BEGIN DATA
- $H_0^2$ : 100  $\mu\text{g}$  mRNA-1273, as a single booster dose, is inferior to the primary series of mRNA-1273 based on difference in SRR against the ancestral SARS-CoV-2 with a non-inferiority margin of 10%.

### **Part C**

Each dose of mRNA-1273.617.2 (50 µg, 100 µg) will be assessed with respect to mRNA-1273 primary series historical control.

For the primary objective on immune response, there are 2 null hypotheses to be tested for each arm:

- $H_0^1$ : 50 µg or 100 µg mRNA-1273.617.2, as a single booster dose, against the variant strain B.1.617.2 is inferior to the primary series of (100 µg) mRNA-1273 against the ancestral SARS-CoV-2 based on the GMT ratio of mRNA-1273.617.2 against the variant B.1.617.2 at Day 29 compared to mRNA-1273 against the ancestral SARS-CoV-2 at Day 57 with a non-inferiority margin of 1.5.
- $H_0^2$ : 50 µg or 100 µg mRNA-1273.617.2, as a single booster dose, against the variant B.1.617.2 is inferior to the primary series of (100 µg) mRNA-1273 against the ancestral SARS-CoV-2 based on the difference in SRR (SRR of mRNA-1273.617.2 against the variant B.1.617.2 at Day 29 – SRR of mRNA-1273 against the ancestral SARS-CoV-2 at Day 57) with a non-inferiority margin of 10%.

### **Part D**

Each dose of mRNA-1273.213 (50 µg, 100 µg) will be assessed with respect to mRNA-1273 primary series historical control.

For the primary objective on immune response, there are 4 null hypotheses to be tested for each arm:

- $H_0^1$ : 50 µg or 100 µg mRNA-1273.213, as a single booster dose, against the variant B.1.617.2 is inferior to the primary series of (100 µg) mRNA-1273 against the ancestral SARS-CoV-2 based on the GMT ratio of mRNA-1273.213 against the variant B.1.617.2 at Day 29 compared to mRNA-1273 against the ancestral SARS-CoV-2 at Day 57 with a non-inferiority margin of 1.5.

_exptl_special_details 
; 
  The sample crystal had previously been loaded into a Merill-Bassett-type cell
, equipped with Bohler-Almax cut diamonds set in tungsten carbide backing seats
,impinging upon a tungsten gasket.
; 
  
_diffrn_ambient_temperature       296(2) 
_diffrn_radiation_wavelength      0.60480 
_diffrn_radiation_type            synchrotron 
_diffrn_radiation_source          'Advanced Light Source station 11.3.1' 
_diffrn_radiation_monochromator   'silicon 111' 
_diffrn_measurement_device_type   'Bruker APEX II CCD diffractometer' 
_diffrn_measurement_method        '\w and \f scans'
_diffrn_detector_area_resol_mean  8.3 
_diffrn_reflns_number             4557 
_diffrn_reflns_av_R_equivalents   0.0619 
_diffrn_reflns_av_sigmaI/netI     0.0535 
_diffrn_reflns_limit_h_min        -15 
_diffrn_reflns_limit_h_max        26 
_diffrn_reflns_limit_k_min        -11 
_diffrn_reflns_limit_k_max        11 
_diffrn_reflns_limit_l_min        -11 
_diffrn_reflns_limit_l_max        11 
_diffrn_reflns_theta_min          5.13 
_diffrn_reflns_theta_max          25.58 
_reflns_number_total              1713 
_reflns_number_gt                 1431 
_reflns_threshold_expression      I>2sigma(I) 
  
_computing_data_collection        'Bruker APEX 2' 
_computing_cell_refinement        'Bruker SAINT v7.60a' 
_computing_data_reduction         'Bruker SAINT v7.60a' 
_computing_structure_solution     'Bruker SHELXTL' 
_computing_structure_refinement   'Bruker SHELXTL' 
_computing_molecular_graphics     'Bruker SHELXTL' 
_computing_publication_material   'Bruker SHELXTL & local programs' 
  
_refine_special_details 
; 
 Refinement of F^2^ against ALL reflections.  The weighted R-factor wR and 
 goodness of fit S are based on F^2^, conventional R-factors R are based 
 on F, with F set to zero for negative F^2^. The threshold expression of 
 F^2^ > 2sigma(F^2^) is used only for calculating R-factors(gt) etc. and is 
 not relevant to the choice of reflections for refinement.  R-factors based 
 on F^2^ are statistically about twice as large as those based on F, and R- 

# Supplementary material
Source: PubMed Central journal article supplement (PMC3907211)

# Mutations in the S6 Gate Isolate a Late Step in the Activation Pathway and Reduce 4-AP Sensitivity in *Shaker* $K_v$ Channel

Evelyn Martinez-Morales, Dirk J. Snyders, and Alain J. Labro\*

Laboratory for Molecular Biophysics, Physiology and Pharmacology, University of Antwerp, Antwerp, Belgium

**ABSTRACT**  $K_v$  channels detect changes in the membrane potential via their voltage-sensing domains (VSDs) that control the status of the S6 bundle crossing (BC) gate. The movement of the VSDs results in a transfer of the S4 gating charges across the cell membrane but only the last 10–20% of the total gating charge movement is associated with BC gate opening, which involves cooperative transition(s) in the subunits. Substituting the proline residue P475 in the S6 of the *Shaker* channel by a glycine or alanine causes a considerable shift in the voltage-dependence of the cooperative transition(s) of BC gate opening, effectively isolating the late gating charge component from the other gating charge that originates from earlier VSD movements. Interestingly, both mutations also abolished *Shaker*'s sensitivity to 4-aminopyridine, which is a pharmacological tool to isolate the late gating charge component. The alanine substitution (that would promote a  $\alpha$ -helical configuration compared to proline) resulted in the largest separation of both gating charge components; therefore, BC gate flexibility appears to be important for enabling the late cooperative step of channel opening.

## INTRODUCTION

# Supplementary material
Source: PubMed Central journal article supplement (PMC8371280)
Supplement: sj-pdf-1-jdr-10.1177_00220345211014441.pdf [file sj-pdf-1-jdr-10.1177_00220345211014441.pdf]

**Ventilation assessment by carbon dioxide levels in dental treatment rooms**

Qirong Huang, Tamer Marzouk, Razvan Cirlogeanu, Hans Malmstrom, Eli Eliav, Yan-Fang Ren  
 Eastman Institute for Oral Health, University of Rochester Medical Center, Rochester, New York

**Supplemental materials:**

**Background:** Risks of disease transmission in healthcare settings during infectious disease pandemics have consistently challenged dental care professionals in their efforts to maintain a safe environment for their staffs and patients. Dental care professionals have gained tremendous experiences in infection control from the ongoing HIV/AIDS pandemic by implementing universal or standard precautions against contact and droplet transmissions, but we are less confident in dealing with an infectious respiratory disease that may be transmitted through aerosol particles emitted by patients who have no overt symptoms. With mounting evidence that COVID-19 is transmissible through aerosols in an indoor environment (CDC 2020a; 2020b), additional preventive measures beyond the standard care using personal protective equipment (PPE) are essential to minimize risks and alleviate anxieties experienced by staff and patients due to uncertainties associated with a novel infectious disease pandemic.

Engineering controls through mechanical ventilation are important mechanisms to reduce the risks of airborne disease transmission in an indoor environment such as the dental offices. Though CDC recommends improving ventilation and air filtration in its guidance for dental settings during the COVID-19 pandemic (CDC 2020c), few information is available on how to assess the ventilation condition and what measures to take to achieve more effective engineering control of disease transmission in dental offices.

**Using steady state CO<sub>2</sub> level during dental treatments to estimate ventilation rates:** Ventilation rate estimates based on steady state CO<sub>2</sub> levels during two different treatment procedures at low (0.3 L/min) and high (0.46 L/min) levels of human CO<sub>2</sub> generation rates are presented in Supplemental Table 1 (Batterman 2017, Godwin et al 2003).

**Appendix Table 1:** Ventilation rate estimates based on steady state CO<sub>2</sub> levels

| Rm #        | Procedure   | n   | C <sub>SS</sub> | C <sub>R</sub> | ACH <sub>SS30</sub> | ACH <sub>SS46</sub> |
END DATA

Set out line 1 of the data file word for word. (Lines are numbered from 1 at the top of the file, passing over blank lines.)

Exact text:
- $H_0^2$ : 100  $\mu\text{g}$  mRNA-1273, as a single booster dose, is inferior to the primary series of mRNA-1273 based on difference in SRR against the ancestral SARS-CoV-2 with a non-inferiority margin of 10%.